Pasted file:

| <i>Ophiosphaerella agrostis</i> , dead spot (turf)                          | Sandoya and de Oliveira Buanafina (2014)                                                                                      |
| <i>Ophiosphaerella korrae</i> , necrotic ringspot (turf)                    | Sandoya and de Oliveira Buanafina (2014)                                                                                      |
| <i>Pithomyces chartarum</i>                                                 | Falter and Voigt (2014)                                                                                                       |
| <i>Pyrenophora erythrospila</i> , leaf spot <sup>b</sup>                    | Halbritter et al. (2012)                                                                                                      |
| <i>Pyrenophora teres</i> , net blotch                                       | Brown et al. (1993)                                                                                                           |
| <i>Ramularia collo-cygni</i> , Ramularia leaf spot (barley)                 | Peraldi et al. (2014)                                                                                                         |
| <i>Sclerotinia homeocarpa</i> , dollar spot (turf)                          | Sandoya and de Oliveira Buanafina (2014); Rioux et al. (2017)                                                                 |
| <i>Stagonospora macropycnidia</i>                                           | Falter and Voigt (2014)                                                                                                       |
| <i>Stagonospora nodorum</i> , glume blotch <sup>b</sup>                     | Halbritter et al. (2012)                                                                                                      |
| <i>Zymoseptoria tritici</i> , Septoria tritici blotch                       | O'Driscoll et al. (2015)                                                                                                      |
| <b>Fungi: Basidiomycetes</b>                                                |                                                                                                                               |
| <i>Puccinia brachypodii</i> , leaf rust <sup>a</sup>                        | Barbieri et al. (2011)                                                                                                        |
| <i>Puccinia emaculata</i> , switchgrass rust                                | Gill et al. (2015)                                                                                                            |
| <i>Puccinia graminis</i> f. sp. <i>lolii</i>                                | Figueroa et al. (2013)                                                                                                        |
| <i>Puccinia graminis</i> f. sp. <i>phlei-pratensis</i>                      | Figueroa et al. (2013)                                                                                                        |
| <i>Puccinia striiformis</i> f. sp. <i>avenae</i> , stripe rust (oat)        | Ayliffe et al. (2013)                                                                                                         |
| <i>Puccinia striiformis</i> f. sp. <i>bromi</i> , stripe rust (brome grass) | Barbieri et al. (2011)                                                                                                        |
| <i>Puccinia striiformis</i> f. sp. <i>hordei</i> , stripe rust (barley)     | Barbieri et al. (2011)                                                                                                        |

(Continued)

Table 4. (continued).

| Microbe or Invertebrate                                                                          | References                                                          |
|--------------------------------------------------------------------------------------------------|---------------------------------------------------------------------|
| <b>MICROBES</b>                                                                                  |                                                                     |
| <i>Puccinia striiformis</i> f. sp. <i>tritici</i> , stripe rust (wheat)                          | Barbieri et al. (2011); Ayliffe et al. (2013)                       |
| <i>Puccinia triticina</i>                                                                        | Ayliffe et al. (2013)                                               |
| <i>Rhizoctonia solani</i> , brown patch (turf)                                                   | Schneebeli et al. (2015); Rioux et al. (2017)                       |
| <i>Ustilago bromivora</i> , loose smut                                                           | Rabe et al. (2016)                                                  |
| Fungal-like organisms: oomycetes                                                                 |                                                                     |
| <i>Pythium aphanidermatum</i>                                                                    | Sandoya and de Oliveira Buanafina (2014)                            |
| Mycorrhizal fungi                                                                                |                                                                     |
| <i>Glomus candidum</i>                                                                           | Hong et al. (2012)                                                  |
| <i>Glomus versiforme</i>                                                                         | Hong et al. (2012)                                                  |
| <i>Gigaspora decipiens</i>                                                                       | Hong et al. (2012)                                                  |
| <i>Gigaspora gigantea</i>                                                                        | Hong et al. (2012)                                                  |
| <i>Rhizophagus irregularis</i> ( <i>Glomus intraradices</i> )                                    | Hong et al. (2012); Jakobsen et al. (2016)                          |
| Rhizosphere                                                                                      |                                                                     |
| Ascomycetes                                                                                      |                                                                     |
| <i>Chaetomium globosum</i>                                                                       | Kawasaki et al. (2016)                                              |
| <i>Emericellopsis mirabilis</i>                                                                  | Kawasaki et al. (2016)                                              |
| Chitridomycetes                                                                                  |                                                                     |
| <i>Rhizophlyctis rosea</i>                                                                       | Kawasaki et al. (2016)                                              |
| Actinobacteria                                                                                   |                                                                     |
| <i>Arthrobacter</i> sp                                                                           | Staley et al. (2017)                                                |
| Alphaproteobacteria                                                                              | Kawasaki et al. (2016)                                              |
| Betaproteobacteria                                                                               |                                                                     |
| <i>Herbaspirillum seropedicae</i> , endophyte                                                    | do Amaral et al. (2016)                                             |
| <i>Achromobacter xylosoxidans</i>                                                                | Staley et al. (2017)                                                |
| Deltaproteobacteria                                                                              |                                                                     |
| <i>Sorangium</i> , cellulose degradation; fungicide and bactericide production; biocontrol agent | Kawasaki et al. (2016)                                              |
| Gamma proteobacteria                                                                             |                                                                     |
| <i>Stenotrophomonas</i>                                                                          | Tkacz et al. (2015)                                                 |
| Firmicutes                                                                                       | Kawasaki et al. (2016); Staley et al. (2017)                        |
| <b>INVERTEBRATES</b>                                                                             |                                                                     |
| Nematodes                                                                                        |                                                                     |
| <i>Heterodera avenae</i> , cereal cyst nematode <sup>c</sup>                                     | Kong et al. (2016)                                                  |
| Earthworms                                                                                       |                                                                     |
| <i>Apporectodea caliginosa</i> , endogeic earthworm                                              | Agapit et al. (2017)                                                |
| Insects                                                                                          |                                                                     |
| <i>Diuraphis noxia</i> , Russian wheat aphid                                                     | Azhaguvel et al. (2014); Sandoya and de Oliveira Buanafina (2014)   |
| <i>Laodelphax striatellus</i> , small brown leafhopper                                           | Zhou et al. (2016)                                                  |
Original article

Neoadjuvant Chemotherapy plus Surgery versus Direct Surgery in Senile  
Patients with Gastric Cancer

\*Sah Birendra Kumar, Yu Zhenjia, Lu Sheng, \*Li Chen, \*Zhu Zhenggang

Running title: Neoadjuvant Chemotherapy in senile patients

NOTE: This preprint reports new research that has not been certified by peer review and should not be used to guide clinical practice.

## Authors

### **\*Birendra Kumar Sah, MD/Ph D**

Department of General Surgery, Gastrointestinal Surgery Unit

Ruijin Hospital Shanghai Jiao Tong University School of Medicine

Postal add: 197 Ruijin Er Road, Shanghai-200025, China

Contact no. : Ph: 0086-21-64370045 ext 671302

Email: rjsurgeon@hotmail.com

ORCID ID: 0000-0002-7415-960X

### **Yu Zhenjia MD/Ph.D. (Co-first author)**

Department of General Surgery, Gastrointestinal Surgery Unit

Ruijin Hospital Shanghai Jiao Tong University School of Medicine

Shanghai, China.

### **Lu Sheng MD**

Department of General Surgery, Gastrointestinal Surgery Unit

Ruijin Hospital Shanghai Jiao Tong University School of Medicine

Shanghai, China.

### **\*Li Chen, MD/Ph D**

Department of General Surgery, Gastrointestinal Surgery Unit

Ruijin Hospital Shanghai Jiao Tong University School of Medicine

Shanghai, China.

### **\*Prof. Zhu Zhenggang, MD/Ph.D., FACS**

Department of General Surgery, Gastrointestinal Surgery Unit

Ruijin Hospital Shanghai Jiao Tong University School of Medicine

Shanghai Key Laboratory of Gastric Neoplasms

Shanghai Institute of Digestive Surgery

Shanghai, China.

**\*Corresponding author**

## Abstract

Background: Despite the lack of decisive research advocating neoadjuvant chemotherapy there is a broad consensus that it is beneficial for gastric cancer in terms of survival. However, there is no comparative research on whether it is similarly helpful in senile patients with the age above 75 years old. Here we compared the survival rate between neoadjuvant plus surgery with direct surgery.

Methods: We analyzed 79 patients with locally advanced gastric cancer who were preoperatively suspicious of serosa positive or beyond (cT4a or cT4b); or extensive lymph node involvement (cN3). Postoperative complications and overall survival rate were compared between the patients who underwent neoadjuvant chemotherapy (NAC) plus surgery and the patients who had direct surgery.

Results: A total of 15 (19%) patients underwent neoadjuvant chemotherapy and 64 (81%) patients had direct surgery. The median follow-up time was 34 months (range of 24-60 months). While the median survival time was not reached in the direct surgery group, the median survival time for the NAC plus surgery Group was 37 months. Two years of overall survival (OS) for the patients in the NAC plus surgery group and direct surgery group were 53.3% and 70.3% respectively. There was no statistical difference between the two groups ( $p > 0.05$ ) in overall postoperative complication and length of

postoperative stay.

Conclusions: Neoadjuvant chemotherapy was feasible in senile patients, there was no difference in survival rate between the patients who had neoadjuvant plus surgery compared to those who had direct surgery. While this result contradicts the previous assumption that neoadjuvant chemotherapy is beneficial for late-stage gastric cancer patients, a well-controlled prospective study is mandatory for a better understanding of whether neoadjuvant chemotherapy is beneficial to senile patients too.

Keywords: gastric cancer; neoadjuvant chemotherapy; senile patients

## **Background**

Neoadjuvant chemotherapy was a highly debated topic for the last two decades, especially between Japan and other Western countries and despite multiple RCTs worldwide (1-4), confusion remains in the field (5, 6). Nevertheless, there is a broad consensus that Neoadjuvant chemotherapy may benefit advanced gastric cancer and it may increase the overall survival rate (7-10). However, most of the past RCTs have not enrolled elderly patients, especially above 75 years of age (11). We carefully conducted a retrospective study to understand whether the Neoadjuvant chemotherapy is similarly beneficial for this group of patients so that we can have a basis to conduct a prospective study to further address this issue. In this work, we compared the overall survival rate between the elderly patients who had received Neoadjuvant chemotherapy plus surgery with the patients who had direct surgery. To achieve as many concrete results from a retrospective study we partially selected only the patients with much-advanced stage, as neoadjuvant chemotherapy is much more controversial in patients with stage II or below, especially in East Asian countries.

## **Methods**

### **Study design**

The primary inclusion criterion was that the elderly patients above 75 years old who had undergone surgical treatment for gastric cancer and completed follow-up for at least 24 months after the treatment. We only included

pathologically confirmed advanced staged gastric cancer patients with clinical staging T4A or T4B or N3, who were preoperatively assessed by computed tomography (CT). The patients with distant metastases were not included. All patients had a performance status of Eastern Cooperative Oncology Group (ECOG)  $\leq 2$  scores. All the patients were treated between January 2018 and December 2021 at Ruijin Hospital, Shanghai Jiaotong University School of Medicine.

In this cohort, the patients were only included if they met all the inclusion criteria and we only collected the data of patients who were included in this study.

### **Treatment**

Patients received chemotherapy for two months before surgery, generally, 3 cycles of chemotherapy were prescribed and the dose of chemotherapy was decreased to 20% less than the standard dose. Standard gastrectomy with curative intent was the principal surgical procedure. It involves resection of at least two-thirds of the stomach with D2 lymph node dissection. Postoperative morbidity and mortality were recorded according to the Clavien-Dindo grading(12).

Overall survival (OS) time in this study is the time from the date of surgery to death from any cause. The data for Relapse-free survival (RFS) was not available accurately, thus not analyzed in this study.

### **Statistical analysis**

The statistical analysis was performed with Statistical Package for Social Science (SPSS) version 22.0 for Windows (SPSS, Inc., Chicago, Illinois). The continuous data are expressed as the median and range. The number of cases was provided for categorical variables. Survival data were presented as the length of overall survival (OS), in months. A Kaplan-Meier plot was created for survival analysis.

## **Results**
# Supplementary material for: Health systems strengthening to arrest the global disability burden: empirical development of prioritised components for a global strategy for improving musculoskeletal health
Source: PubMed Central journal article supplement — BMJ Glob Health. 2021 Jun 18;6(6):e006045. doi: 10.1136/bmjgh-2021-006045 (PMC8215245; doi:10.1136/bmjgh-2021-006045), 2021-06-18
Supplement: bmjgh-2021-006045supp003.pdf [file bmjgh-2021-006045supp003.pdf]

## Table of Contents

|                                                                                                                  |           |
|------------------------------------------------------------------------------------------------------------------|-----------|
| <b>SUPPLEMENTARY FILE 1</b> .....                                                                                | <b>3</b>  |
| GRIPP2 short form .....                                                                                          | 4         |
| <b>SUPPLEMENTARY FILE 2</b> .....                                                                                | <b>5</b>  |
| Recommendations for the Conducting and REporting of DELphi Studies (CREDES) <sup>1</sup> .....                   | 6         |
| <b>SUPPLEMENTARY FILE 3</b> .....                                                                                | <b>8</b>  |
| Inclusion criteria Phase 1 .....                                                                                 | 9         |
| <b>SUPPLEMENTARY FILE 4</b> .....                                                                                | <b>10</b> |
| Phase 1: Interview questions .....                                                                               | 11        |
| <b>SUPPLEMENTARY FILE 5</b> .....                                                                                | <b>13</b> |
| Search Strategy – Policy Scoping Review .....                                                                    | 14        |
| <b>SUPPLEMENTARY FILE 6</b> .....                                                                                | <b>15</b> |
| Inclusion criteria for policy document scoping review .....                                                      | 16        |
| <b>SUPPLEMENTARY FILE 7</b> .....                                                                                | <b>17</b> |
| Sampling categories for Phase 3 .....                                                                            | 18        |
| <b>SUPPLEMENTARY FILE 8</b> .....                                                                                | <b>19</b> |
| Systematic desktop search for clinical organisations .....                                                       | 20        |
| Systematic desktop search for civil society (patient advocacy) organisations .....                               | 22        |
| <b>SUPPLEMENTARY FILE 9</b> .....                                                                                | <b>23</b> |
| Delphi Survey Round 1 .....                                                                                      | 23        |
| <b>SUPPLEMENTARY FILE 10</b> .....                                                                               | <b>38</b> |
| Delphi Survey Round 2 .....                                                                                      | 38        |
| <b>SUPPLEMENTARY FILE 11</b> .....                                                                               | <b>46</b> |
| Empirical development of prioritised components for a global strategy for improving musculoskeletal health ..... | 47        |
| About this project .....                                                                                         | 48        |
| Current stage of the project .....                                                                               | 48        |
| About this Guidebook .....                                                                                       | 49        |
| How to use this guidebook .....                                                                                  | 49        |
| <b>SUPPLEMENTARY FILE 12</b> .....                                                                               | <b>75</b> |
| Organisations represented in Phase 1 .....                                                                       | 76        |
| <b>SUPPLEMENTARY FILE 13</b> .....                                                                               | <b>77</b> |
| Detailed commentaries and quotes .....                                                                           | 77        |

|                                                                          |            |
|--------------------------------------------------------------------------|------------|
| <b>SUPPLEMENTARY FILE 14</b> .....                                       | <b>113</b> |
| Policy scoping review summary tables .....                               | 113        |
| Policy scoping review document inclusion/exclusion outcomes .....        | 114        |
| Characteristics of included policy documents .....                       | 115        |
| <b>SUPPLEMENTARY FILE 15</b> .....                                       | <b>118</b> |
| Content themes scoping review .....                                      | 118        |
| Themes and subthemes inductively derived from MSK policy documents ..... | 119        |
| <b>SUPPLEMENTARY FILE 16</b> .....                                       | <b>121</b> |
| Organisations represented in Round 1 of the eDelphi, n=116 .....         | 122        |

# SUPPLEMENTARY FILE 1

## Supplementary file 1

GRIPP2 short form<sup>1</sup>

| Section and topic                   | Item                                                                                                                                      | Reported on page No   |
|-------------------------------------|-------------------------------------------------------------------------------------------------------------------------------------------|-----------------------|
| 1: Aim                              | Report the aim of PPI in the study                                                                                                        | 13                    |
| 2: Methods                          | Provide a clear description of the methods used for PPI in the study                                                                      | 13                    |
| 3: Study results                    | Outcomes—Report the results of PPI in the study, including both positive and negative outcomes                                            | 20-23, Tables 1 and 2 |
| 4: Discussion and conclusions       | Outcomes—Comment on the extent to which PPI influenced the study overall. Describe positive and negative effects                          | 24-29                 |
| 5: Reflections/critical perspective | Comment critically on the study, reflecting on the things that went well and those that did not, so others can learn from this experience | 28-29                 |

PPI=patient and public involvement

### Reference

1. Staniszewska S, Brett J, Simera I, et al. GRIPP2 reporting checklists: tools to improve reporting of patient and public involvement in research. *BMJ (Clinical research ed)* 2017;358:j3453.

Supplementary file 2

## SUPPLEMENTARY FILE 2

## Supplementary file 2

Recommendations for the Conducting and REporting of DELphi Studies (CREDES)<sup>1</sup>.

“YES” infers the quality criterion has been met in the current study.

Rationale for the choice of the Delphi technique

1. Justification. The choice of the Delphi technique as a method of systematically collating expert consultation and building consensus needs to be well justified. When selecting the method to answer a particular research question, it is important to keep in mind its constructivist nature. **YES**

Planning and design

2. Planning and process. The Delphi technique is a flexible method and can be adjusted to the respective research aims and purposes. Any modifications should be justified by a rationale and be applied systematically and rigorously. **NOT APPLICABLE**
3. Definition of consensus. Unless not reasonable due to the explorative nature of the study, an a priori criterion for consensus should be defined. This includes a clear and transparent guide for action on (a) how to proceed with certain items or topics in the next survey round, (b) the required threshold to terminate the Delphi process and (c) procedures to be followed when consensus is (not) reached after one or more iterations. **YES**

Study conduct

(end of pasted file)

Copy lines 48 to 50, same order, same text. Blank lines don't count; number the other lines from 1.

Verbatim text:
| Deltaproteobacteria                                                                              |                                                                     |
| <i>Sorangium</i> , cellulose degradation; fungicide and bactericide production; biocontrol agent | Kawasaki et al. (2016)                                              |
| Gamma proteobacteria                                                                             |                                                                     |